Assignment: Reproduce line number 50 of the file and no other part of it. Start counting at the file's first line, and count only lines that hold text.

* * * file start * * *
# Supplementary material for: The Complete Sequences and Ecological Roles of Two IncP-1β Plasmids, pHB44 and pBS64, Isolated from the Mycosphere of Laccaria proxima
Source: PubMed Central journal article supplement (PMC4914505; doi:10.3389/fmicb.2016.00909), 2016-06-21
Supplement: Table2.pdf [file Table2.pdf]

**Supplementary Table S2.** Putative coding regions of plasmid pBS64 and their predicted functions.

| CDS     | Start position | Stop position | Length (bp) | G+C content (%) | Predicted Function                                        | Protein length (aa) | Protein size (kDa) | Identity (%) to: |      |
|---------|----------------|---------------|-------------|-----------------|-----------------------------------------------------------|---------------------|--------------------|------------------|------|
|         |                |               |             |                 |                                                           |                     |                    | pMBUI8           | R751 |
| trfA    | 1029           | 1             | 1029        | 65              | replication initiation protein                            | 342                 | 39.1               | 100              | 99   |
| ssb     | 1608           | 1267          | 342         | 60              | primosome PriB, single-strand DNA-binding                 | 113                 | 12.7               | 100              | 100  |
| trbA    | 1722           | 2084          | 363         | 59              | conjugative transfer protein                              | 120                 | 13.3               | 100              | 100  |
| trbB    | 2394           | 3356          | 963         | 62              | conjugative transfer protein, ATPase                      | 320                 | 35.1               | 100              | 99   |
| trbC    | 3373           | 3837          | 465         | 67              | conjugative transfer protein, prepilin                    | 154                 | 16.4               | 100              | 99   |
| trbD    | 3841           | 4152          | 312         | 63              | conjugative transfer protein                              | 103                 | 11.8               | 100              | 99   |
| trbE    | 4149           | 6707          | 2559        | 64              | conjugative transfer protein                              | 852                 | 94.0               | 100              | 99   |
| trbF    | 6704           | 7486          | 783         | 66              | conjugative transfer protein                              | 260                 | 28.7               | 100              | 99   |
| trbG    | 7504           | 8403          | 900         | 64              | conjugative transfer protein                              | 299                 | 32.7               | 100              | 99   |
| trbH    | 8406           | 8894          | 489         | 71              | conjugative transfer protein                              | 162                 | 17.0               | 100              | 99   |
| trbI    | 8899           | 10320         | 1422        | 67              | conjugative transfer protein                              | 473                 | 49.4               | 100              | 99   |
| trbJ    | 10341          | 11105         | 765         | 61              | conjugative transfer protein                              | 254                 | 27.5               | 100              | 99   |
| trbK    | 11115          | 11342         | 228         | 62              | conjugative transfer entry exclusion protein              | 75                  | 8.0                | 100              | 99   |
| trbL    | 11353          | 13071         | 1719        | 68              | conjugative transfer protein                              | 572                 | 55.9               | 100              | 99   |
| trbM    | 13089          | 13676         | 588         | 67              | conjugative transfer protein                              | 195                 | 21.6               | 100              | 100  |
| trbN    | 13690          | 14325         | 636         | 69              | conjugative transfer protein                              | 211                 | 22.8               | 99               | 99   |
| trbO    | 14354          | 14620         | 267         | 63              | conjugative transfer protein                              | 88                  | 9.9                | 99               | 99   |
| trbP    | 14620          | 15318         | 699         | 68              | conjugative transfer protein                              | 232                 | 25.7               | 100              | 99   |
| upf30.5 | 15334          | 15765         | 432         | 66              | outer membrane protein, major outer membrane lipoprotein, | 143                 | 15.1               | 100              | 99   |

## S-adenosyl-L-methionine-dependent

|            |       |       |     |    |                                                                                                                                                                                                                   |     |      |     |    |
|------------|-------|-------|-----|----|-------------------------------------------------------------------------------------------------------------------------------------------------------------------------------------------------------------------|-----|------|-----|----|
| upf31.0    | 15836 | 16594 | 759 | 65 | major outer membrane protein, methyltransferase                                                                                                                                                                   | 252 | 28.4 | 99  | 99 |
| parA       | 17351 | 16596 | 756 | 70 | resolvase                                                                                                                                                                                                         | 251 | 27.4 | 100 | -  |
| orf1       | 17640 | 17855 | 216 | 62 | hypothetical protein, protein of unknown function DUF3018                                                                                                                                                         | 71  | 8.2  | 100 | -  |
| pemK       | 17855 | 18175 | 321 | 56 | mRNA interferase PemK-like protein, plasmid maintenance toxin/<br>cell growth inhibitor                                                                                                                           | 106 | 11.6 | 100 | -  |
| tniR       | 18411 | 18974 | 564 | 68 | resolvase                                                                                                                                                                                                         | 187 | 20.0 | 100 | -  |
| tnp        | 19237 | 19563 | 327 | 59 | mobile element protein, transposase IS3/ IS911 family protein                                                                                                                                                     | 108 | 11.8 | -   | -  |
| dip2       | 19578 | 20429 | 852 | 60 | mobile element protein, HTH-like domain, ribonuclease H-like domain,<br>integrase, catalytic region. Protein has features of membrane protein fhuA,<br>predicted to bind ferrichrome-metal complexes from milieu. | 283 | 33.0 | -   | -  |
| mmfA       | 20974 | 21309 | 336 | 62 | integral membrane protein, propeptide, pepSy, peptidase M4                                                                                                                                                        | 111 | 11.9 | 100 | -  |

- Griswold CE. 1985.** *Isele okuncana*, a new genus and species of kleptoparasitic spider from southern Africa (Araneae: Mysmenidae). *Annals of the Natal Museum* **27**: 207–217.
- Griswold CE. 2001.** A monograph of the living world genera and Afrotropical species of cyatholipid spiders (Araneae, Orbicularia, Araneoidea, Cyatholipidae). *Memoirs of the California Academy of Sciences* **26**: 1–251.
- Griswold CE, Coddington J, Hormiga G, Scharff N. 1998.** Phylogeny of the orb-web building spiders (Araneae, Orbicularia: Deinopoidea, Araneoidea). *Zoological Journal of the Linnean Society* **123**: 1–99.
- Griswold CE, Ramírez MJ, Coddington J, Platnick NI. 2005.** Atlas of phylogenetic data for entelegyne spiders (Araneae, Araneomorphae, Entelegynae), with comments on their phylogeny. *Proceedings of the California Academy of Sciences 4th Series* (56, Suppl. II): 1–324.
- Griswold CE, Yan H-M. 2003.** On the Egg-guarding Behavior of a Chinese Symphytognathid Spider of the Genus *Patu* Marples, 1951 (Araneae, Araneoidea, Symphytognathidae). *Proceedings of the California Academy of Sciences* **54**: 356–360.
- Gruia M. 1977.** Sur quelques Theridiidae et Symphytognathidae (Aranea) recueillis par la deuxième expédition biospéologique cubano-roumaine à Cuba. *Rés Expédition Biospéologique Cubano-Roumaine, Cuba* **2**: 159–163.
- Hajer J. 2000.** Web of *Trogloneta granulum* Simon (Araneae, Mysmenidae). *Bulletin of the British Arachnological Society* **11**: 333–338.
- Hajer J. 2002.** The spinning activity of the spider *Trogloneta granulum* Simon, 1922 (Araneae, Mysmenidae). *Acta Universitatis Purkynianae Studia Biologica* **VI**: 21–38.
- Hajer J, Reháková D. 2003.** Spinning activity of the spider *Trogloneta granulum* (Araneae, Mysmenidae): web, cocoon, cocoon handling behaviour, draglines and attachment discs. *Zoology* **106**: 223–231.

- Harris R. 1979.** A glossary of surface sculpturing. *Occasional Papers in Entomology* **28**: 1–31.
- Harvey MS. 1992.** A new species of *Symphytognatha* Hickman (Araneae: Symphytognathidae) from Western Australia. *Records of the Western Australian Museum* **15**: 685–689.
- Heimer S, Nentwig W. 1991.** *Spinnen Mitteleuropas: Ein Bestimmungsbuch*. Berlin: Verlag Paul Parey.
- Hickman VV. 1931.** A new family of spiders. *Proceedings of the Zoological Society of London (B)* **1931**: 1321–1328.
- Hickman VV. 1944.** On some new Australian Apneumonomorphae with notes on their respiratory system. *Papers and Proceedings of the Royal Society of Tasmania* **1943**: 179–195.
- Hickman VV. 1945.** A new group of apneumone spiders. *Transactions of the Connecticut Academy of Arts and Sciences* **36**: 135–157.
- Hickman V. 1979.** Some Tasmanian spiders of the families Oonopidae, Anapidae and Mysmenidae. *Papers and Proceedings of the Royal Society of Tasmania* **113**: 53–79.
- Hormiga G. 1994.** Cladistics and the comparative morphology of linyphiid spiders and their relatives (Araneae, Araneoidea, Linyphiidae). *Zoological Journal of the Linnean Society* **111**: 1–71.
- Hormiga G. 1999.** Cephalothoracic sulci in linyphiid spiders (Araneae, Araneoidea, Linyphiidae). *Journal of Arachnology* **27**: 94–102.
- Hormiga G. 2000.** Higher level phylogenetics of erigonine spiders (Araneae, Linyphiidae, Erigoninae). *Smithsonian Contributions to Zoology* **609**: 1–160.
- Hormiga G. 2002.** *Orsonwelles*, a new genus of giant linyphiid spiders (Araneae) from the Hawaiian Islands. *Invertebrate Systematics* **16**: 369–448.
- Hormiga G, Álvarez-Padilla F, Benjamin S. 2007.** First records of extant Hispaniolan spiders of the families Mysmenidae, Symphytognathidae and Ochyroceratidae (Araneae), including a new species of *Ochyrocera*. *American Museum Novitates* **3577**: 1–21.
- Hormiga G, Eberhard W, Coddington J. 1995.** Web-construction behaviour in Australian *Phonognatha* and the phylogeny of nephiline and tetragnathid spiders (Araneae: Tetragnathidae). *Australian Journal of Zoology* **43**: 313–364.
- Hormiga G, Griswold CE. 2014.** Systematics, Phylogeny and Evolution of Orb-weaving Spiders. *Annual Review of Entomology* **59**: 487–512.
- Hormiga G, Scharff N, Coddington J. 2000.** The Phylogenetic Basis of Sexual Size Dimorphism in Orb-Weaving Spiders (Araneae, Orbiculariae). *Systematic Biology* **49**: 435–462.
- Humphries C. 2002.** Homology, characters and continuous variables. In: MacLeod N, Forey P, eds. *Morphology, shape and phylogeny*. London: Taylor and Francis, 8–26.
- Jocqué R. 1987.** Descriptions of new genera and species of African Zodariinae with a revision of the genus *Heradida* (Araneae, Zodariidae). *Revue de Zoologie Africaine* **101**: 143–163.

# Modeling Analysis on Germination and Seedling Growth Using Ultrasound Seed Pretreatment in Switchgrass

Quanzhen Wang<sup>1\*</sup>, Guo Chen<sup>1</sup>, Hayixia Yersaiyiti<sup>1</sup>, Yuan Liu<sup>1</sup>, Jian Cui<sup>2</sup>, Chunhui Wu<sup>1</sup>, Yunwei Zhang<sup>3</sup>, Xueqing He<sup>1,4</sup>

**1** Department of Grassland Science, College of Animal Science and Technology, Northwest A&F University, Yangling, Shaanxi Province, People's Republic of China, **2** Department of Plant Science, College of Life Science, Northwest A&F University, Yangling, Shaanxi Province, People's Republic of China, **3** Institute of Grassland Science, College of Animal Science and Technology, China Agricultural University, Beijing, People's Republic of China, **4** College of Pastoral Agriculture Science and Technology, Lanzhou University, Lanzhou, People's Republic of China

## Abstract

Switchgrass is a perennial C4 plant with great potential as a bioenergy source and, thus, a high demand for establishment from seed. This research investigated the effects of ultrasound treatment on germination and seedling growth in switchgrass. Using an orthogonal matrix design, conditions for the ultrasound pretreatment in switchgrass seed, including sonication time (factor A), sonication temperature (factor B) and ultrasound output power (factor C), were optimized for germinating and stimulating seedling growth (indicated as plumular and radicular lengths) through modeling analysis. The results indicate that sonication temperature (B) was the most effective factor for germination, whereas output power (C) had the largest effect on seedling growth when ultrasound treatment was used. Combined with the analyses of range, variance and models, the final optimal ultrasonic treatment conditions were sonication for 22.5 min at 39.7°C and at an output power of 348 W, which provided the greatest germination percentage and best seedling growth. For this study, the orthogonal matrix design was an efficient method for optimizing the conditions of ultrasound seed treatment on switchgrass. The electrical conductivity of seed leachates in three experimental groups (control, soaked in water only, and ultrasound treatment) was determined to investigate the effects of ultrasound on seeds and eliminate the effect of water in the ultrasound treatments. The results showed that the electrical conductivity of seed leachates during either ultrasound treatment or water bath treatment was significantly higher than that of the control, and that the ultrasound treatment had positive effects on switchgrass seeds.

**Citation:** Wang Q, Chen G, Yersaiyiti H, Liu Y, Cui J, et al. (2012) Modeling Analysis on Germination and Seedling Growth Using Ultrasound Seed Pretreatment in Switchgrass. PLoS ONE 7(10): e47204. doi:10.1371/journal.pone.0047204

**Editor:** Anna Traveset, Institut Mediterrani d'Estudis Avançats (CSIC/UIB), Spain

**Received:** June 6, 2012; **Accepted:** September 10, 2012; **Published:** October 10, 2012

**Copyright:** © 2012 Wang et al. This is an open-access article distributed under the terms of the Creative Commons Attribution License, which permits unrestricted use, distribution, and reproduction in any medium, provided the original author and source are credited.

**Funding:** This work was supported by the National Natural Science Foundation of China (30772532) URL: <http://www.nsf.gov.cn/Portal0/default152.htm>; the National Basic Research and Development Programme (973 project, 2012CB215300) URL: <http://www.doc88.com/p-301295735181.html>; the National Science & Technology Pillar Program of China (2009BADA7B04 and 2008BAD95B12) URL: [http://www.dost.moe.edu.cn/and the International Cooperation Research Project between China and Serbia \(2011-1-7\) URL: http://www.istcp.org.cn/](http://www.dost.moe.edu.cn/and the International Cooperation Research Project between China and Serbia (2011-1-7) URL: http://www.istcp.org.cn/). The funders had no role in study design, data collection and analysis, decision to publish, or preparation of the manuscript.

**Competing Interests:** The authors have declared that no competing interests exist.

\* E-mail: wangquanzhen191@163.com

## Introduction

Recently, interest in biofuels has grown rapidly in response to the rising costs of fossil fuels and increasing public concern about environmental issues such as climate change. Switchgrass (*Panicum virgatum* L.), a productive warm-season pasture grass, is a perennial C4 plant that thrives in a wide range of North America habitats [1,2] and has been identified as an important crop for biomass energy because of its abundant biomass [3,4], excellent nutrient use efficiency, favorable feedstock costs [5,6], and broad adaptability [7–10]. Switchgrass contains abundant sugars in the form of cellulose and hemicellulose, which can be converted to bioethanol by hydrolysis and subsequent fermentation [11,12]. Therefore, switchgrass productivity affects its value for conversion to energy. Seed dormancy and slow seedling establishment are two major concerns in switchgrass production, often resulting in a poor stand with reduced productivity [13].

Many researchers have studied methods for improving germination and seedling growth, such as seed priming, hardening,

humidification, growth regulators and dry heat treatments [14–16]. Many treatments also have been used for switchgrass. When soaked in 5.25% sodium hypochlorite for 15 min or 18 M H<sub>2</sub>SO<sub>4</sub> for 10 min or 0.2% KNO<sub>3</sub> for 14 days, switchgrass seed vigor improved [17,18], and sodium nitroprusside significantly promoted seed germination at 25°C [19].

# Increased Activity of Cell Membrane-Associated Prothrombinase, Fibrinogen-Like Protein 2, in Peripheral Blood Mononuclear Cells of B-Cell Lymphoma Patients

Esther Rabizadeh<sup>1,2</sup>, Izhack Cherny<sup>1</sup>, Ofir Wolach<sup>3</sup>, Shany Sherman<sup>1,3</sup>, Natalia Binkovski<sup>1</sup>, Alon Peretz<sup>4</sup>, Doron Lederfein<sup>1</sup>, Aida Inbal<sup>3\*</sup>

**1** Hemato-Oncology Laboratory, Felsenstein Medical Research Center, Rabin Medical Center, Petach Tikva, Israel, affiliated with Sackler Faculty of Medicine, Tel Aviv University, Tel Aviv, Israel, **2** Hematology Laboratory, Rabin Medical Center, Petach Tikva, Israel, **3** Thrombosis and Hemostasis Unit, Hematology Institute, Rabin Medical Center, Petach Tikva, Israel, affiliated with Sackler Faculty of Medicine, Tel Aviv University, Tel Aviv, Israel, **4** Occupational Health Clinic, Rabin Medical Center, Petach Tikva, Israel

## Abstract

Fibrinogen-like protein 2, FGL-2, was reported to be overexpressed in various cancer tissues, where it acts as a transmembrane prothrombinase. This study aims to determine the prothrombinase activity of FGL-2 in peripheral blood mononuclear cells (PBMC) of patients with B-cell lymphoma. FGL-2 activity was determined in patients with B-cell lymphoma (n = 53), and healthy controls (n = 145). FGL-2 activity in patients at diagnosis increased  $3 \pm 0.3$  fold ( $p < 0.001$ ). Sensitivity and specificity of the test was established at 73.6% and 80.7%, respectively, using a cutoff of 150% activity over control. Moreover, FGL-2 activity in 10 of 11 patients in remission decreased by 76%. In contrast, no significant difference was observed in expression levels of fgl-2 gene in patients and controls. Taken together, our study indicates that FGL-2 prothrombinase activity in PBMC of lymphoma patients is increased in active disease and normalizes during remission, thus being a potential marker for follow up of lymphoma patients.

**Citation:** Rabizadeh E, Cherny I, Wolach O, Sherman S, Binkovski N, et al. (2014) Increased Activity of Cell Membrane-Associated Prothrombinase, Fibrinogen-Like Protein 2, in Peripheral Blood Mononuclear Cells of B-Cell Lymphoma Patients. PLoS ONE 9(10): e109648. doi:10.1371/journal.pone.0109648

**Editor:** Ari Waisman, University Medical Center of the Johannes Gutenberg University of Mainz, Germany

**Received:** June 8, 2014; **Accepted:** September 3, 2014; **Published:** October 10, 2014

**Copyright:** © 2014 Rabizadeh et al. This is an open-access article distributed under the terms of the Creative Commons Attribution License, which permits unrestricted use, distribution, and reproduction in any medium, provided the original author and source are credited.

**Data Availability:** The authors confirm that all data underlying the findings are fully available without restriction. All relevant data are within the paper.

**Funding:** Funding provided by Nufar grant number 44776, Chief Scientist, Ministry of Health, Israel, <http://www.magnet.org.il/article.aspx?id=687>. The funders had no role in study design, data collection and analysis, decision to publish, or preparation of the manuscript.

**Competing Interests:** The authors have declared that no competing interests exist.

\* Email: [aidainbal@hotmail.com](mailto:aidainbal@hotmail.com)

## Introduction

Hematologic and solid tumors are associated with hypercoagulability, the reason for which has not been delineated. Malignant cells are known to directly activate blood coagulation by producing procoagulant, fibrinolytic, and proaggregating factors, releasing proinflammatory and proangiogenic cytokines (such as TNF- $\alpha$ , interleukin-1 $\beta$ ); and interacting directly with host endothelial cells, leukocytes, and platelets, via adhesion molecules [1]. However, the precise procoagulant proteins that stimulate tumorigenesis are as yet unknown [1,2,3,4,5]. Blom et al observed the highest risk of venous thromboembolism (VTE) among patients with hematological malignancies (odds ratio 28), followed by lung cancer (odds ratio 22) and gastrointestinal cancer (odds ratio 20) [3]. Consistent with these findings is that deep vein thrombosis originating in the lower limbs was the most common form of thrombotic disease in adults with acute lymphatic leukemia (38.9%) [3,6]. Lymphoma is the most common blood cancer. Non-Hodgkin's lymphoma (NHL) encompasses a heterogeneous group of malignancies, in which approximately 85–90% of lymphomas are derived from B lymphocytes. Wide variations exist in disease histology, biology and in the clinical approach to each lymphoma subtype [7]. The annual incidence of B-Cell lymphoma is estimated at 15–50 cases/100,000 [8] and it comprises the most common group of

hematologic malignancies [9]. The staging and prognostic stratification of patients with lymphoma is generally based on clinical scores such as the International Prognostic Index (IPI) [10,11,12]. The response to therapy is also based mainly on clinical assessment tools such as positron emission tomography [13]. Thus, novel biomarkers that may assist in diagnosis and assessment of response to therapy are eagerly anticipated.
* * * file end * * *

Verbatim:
- Hickman VV. 1931.** A new family of spiders. *Proceedings of the Zoological Society of London (B)* **1931**: 1321–1328.